For the first year of the war I would wake up in the morning and go to bed late at night with a feeling of dread in the pit of my stomach – dread that nuclear war is a real possibility today or tomorrow or the next day; dread at what the war means for any prospects of addressing our impending self-destruction by global warming; dread at its implications for ever creating a sane and just world; and dread at the prospect of my country completing its transformation into Sparta while our needs for life, liberty and the pursuit of happiness are trampled . And then, of course, there is the horror at the carnage, devastation and pain taking place in Ukraine on a daily basis.

After more than 2 years of reading and watching everything I could from contradictory perspectives, I would like to offer my own story about this war. Understanding that I am certainly no scholar or expert or historian when it comes to Ukraine, and understanding that I could very well be wrong on key factual pieces, I would ask the reader to try my story on to see if it helps make sense of the confusion surrounding a war that is not only an enormous threat to world peace, not only a disaster for the people of Ukraine, but which is also presently the most likely crisis on earth to lead to our nuclear extermination. Furthermore, its continuation guarantees that the kind of international cooperation needed immediately to seriously address global warming cannot take place, resulting in certain global ecological catastrophe during this century, but starting now.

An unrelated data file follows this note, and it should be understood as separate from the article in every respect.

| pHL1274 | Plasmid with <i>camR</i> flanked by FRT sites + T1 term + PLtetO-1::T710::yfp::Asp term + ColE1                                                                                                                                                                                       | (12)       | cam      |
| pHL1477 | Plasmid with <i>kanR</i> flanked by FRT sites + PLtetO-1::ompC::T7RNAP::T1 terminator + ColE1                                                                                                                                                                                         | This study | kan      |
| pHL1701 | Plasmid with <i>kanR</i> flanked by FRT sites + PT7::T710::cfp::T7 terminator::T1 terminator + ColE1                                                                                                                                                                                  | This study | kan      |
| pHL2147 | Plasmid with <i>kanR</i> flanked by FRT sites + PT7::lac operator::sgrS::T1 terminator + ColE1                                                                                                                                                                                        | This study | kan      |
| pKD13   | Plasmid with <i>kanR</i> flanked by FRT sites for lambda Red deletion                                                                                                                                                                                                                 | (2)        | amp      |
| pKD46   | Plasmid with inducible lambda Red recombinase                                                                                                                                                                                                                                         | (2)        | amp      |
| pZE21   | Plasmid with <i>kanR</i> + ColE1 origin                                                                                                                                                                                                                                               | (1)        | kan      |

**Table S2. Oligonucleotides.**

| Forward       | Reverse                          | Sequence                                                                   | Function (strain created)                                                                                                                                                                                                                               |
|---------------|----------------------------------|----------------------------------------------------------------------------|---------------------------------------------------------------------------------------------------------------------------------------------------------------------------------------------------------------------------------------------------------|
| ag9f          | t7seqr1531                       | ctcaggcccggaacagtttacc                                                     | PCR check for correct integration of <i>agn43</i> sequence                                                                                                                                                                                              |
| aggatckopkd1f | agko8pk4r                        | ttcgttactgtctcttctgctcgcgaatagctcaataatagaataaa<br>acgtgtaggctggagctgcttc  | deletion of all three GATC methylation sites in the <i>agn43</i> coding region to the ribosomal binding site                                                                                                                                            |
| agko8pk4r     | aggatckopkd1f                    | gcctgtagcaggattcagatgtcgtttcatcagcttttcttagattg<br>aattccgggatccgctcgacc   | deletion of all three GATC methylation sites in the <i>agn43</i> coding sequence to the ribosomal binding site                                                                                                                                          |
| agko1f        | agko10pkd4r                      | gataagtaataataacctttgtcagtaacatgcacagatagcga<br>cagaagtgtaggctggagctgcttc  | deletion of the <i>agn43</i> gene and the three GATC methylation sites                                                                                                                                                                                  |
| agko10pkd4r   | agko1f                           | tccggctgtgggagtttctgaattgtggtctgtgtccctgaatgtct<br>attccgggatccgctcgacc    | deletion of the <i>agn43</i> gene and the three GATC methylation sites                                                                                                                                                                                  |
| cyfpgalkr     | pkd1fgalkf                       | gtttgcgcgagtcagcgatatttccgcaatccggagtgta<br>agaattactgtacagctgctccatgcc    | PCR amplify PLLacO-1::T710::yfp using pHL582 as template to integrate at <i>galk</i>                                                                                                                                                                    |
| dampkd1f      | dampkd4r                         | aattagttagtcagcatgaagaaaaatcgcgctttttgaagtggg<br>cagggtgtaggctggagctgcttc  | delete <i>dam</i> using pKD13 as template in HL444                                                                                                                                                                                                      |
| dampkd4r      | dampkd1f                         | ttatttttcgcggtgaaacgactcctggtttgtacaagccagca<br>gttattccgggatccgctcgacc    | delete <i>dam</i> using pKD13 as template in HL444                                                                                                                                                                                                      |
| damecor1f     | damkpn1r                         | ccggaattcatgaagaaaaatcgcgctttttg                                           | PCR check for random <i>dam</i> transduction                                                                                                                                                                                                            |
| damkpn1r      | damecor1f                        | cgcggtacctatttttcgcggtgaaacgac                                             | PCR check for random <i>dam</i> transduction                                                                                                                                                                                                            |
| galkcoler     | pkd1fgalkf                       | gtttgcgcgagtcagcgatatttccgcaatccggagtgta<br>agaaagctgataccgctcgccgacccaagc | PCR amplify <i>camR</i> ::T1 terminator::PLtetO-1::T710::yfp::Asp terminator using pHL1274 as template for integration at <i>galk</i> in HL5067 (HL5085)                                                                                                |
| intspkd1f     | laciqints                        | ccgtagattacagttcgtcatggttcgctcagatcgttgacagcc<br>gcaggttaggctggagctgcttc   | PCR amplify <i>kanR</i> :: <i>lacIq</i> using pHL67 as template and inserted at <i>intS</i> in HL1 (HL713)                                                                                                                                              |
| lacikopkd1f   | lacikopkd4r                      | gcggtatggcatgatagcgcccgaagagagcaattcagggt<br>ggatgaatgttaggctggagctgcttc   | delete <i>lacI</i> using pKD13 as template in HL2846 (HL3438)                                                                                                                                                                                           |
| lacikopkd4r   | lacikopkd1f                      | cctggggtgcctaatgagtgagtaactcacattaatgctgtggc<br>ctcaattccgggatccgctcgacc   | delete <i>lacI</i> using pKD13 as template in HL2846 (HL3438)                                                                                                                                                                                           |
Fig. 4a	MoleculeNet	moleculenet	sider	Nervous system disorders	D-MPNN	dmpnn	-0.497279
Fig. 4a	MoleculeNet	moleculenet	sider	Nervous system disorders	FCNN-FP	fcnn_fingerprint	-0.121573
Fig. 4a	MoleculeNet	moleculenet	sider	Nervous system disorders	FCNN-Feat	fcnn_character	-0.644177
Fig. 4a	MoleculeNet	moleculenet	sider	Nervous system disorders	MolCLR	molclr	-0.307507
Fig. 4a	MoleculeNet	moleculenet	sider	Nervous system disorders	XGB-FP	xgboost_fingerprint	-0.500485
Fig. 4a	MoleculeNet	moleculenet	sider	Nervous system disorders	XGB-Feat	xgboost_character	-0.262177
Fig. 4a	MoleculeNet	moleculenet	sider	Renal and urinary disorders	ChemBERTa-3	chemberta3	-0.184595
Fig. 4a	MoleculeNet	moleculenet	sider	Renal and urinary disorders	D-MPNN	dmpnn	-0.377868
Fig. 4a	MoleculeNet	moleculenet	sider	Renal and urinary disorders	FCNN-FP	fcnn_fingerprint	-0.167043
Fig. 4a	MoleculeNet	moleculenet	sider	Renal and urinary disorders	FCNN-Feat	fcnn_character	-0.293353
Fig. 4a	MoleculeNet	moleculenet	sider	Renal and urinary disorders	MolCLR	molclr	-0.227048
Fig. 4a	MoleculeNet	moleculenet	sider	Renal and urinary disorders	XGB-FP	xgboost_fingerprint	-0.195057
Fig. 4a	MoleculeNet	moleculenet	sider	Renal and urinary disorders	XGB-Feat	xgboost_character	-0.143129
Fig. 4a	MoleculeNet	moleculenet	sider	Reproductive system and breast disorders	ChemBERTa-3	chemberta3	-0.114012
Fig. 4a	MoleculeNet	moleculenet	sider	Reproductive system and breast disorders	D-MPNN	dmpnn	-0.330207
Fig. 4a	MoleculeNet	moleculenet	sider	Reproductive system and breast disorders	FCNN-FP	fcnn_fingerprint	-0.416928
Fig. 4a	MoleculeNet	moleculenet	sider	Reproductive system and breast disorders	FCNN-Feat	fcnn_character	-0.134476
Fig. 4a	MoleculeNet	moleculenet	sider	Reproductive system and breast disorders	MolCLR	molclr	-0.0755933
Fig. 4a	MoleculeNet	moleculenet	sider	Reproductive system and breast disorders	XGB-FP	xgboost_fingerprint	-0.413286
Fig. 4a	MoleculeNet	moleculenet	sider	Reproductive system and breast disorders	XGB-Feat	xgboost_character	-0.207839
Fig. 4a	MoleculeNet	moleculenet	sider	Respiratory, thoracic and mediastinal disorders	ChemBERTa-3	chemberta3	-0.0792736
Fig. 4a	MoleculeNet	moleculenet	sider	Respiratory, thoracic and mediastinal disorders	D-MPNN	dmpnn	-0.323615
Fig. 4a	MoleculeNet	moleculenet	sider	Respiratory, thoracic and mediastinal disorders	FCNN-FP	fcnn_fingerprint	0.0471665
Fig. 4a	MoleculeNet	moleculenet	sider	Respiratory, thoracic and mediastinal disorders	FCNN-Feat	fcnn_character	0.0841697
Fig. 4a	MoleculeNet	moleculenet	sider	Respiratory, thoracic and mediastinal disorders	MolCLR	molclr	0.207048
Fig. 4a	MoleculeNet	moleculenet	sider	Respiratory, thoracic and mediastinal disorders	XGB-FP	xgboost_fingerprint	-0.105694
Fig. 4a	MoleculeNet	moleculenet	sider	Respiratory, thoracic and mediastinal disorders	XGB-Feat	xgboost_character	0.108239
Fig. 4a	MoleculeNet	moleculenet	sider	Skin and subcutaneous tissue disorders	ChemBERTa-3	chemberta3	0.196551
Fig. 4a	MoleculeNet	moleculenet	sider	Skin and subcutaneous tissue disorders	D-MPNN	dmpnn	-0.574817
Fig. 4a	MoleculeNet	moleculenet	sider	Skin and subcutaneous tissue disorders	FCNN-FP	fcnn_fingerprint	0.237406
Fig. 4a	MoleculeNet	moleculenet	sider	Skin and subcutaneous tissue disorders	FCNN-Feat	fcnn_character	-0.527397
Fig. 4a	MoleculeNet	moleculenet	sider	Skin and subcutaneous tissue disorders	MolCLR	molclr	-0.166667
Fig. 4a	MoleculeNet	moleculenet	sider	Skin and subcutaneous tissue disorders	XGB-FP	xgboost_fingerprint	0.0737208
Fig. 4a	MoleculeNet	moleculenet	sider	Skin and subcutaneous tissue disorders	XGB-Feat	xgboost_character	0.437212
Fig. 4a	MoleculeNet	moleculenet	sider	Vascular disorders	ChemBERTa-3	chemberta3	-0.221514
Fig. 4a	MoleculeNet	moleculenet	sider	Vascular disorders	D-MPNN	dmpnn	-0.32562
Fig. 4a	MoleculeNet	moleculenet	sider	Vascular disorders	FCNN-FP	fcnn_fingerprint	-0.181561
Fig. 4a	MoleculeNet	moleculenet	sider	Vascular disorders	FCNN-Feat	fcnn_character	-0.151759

My Story

The Beginning

To understand a story, you have to know how it starts. If you start in the middle or toward the end, you will have an incomplete understanding of the story. For me the story starts around 1990 with the end of the cold war. It starts with the meetings between Gorbachev and the Bush senior administration to deal with that post cold war world and the dismantling of the Soviet Union’s Warsaw Pact. As is well known now, in exchange for the Soviet Union allowing the unification of Germany and the accession of that unified Germany to membership in NATO, the United States and the West pledged that NATO would not move one inch closer to Russia’s border.

But why would the West feel it had to make that pledge? Clearly it was because the Soviets (and later Russia) would experience such expansion of NATO toward their border to be a threat. But why? With the ensuing collapse of the Soviet Union, weren’t the U.S. and Russia going to be great buddies now?

With the collapse of the Soviet Union, Boris Yeltsin emerged as Russia’s president. He was our kind of guy. U.S. economic advisors poured in to help Russia set up a free enterprise system and National Endowment for Democracy money poured in to train Russians in setting up a democratic government. Finally, we were told, Russia might prosper under democracy.

The reality was quite different. Yeltsin’s policies wrecked Russia, brought economic ruin to the lives of millions of Russians, created a class of oligarchs through theft of public property, gave rise to massive corruption, and inflicted humiliation on a proud people. Life expectancy dropped precipitously and poverty deepened. Despite these painful realities, and despite Yeltsin’s military assault destroying the Russian parliament, and a brutal war in Chechnya, Yeltsin was seen as our man in Russia.